This week’s column focuses on endless cityscape music, the kind that makes you want to find a hover car and swoop between neon billboards in a futuristic urban sprawl. Nobody is better at this kind of thing than 2 8 1 4, whose Birth of a New Day album starts with the plaintive synths and pianos from the Blade Runner soundtrack and turns up the bass. It’s utopian and dystopian all at once, and in a rain-soaked metropolis like Portland, this stuff works wonderfully.
The anonymous Brit who records as Burial strips down his sound to vinyl crackle and haunted samples on his new EP, Antidawn. Depending on how much your enjoyment of his work hinges on the distinctive, jerky drums he’s jettisoned here, this is either Burial’s best or most boring recording to date. But by letting his productions simply drift, he’s penetrated closer to the heart of his sound than ever before—and made a hell of a soundtrack for your next late-night bus ride.
If you’ve ever enjoyed a movie where synthesizers pulse as a strong but silent hero navigates neon-lit streets, the spirit of the late, lamented Chromatics is close by. This year, the flagship band of Portland’s Italians Do It Better label—and the original choice for the influential Drive soundtrack—celebrates the 10th anniversary of their magnum opus Kill for Love, a sad and sprawling album of synth pop so richly atmospheric it feels like ambient music.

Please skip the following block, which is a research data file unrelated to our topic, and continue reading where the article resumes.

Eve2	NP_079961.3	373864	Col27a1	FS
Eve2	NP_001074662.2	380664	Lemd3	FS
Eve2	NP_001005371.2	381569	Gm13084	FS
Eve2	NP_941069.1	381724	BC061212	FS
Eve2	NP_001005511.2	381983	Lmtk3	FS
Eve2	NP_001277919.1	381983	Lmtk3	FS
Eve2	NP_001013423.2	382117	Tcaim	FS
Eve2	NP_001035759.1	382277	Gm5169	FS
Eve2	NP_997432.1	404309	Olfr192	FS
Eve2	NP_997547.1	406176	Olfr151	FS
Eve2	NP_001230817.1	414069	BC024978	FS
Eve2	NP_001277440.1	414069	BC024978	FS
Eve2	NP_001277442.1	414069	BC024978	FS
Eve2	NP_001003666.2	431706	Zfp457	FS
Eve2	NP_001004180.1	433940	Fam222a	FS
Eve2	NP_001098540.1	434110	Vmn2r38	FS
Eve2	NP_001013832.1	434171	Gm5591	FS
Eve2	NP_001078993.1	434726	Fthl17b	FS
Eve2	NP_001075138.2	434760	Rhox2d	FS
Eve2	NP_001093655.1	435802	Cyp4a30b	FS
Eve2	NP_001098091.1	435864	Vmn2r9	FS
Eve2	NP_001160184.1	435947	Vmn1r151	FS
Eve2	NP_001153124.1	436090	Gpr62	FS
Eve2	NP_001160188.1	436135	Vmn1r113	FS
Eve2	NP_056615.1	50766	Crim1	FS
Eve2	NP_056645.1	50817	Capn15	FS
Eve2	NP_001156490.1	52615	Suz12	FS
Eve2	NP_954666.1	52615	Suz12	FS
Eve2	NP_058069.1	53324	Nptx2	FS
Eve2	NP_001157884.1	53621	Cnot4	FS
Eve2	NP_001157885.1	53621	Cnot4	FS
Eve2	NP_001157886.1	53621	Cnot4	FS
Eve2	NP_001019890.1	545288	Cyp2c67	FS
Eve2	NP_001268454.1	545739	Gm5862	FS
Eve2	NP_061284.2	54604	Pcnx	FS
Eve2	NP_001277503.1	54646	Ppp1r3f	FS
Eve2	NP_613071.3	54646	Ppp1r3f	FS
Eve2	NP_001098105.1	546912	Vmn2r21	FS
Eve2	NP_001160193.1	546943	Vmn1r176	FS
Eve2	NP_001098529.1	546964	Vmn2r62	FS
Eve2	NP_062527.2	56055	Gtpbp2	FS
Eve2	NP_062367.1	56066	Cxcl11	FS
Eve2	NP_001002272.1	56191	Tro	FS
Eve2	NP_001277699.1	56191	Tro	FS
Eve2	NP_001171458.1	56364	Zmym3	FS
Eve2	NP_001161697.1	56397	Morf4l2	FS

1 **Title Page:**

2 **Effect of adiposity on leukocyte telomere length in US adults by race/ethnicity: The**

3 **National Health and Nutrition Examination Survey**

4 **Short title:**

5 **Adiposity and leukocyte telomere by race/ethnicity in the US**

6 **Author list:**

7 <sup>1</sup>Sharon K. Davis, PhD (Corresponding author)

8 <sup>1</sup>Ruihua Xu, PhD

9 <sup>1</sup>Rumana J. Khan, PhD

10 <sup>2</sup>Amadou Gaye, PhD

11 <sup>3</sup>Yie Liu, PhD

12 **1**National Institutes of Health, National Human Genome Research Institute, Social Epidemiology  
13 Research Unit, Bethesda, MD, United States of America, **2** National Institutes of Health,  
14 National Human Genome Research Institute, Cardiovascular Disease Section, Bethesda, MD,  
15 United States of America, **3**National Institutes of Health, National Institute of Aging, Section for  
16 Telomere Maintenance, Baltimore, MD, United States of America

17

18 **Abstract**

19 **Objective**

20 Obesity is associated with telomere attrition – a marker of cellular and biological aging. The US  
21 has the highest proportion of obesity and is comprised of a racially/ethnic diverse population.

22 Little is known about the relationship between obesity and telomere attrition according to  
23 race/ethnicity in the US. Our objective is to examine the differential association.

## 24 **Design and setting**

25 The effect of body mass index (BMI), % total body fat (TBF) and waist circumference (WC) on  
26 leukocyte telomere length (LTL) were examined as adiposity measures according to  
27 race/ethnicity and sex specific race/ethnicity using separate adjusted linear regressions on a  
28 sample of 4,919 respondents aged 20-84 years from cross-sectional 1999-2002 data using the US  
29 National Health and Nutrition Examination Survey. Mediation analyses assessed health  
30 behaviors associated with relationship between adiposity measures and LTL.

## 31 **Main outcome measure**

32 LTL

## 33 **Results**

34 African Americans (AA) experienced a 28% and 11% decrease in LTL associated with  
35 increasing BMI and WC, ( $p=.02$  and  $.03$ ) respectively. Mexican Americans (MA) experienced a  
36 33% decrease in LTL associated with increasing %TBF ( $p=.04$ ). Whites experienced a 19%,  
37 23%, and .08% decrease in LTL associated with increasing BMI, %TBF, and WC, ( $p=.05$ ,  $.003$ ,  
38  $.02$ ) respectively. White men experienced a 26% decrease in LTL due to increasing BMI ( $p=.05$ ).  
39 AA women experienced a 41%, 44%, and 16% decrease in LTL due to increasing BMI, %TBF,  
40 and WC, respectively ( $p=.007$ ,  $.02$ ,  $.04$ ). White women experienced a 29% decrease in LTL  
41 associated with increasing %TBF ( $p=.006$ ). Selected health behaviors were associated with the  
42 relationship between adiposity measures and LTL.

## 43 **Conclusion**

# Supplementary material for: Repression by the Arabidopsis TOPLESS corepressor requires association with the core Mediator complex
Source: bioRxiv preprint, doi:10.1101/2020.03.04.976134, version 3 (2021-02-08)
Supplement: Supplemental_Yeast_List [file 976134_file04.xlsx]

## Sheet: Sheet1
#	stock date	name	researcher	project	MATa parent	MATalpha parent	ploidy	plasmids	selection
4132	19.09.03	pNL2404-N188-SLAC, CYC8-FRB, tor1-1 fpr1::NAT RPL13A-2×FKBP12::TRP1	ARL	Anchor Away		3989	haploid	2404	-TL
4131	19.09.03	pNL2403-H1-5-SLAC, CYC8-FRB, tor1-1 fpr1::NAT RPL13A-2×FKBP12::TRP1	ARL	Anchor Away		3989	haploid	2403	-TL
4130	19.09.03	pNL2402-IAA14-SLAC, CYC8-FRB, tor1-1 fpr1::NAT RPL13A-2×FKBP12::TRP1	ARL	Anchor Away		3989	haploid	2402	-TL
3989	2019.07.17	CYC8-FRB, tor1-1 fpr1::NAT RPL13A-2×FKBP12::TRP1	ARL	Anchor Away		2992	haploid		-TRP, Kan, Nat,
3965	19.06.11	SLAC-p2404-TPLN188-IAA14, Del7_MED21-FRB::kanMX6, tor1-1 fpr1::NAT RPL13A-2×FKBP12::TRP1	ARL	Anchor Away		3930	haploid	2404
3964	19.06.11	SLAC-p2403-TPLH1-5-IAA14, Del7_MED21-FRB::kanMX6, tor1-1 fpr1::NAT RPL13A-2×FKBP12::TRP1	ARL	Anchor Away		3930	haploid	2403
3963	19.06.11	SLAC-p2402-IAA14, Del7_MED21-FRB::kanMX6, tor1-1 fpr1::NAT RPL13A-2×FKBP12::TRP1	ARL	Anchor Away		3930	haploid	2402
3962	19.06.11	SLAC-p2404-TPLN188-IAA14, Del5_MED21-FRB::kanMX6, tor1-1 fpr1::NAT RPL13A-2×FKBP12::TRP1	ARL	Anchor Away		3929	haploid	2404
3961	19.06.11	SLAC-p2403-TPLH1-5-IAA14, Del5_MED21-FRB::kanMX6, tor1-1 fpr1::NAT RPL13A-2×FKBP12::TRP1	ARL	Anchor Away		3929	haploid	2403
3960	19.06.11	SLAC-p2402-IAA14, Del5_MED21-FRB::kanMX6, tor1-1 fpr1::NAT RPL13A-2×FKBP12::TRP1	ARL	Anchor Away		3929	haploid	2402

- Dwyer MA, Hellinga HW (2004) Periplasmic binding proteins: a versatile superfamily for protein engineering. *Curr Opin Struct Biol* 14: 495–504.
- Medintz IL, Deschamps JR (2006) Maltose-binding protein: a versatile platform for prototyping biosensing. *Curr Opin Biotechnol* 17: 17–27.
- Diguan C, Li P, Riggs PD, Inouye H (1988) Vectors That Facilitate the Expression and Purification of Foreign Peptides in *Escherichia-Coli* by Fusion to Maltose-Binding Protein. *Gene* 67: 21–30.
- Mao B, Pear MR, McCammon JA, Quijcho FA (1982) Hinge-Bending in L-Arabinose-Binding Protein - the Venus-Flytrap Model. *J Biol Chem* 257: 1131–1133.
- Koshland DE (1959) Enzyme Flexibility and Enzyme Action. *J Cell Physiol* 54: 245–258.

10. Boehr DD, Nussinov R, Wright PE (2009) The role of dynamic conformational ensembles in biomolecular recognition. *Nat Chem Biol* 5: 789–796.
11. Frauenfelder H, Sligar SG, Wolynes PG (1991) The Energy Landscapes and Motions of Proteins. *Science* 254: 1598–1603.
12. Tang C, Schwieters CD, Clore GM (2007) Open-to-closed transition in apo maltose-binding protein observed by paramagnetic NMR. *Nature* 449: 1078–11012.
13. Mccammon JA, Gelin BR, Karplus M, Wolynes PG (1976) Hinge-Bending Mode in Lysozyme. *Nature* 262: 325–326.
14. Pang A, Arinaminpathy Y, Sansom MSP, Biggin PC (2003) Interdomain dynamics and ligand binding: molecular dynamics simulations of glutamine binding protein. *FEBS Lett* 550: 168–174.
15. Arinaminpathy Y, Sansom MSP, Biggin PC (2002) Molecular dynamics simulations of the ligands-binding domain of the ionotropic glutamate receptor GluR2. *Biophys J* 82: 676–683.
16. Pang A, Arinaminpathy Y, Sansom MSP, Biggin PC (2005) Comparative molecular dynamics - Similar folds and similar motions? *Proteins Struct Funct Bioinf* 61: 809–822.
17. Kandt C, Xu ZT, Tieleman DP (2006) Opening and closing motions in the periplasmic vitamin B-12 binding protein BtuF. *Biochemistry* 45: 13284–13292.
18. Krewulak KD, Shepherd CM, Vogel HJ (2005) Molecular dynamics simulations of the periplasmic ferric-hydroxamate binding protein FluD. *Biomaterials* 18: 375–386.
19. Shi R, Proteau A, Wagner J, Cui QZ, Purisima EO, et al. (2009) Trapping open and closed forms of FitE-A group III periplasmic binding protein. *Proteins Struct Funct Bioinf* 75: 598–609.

Liumin Reduced by Deepchord Presents Echospace consists of little more than distant drones and field recordings from Tokyo, perhaps the most endless of all cityscapes. The album beautifully captures the feeling of being lost while gazing out a window at distant lights. So many things happen at any given time in a city, and yet from a distance, it all feels so still. Liumin Reduced understands this feeling intimately.